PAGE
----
Before beatification the Church requires proof that a candidate has been responsible for a miracle. Proof of a second is needed before canonisation as a saint.

The first miracle formally attributed to Mother Teresa concerned an Indian woman, Monica Bersa, whose tumour shrank after she prayed to the nun in 1998. — Reuters


City of Joy exults

Nuns pray at the tomb of Mother Teresa in Kolkata on Sunday.
Nuns pray at the tomb of Mother Teresa in Kolkata on Sunday. — Reuters photo

Kolkata, October 19
The City of Joy, where Mother Teresa worked among the poor for over half a century, today commemorated her beatification in Rome through day-long programmes, including prayers and thanksgiving by the Missionaries of Charity, processions by street children and an evening audio-visual concert.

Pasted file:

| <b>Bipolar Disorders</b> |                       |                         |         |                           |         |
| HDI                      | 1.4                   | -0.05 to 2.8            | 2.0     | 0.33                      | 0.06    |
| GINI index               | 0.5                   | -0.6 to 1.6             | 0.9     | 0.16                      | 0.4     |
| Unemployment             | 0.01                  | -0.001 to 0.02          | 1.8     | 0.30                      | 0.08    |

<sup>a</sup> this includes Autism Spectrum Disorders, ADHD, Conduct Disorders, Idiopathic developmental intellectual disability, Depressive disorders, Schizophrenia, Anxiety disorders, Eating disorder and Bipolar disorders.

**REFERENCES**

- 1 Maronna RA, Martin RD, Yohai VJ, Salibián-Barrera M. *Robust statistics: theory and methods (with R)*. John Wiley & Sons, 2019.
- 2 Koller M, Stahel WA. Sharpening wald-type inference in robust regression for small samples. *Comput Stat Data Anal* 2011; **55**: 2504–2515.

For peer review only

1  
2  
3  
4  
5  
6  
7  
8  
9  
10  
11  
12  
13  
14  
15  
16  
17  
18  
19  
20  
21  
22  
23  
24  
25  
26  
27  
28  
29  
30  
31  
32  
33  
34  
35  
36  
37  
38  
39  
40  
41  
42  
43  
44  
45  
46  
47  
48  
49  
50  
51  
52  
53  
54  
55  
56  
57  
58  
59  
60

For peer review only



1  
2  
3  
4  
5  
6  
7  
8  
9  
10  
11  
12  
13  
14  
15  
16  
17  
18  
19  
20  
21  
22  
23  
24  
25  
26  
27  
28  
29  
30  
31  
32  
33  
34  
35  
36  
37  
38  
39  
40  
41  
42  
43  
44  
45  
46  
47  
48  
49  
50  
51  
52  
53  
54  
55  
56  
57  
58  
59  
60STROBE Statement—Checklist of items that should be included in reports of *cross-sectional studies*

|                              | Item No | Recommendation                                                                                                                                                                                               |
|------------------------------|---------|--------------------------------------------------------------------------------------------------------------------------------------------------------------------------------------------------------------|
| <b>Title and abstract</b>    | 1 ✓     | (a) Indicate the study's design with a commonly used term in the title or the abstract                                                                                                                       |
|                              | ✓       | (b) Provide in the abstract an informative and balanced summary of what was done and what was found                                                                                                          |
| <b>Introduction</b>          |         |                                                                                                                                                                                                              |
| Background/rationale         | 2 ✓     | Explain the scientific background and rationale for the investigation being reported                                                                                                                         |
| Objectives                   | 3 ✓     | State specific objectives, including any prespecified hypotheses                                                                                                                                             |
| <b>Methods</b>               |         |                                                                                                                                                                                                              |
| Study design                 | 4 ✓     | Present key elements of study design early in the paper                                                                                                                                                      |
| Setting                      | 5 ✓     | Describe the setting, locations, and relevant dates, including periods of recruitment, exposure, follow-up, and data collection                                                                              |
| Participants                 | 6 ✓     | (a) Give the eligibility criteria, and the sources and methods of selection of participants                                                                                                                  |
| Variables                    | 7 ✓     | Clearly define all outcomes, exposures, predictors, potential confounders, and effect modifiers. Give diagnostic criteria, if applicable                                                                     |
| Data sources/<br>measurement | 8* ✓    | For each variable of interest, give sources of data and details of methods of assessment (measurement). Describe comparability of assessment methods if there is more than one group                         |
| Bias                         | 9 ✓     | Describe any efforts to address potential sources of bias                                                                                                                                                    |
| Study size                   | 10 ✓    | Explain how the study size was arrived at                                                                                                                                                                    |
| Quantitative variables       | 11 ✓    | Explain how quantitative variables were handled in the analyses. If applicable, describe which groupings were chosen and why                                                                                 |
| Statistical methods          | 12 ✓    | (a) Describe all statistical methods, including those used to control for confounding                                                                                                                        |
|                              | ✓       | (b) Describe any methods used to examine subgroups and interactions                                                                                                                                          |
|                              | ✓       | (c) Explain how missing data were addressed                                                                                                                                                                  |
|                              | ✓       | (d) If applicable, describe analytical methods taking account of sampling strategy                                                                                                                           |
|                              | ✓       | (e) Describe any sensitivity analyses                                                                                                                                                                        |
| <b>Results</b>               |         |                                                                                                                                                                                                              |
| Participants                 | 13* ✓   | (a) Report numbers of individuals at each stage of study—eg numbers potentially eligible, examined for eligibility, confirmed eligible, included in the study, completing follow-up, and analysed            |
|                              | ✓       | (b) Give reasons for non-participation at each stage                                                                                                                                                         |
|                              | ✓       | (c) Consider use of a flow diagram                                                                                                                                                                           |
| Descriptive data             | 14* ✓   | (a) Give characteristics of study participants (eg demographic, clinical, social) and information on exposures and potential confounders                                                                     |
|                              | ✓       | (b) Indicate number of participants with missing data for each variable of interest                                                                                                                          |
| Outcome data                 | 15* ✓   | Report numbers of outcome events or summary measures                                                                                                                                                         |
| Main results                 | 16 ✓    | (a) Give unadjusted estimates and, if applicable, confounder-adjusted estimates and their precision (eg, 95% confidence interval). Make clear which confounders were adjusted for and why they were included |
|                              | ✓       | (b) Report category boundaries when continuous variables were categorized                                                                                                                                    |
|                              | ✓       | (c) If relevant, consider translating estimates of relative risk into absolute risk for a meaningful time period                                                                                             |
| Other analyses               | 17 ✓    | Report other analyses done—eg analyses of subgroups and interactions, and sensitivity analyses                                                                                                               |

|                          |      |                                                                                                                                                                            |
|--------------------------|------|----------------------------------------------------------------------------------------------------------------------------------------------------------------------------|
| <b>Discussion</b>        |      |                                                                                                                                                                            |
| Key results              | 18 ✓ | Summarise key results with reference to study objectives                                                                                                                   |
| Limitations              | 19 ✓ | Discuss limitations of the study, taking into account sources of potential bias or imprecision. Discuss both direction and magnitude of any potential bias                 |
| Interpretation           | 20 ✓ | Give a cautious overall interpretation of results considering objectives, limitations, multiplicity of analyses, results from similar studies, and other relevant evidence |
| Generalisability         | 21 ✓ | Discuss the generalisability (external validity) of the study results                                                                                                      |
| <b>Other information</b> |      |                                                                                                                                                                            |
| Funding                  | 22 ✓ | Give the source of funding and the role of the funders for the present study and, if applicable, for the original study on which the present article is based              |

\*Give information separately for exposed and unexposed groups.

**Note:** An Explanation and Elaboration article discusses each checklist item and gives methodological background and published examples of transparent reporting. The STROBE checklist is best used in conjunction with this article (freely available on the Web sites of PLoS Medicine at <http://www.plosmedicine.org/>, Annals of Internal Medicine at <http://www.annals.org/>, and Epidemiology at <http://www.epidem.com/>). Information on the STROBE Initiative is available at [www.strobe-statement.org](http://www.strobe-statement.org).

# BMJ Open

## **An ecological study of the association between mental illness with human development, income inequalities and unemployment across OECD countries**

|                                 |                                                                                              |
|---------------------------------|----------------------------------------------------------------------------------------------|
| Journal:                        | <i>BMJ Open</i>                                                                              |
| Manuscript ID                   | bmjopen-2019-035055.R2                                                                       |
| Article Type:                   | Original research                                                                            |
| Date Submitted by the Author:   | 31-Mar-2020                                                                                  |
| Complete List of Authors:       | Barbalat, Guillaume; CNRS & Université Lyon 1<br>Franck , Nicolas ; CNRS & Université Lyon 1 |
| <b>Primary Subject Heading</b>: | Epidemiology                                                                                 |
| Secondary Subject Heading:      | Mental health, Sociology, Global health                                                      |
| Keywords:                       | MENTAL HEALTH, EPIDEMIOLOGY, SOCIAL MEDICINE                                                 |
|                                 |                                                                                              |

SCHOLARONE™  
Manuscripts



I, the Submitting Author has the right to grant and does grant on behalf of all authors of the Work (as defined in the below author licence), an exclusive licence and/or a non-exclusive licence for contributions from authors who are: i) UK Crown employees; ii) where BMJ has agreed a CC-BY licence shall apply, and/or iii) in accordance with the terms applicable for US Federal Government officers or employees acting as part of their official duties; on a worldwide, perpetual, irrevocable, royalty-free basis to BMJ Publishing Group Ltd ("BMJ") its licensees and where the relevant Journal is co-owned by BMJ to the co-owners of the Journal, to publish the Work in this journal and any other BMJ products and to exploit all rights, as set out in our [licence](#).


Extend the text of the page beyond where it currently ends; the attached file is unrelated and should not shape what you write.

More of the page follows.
The celebrations being held on a low key began with an hour-long morning prayer from 6 am at Mother House, the global headquarters of the Missionaries of Charity (MoC), the order founded by the frail Albanian nun. The prayer was conducted by Fr Joseph Maliyakcl and was attended by around 200 persons.

In the afternoon, the Bangiya Christiya Parisheba, a united forum of Catholics and Protestants, brought out a procession from MoC to Shishu Bhavan near Mother House and back. More than 500 street and slum children under the care of various NGOs like SEDP, Rainbow Children, FOCUS, SHED, SOUL, Gramdan etc participated in the programme.

A few hundred schoolchildren are also participating in the rally to express their solidarity. The rally, carrying the cutout, festoons and placards started from Mother’s tomb after a word prayer by Sister Nirmala Maria.

The rally was followed by a short cultural programme on the footpath in front of Mother House.

Meanwhile, the speed with which beatification was rushed through has raised eyebrows among a section of the Roman Catholic clergy here who held that in his hurry to elevate her to sainthood, the Pope had not done justice to the Albanian-born nun’s spirit of humility and simplicity. — PTI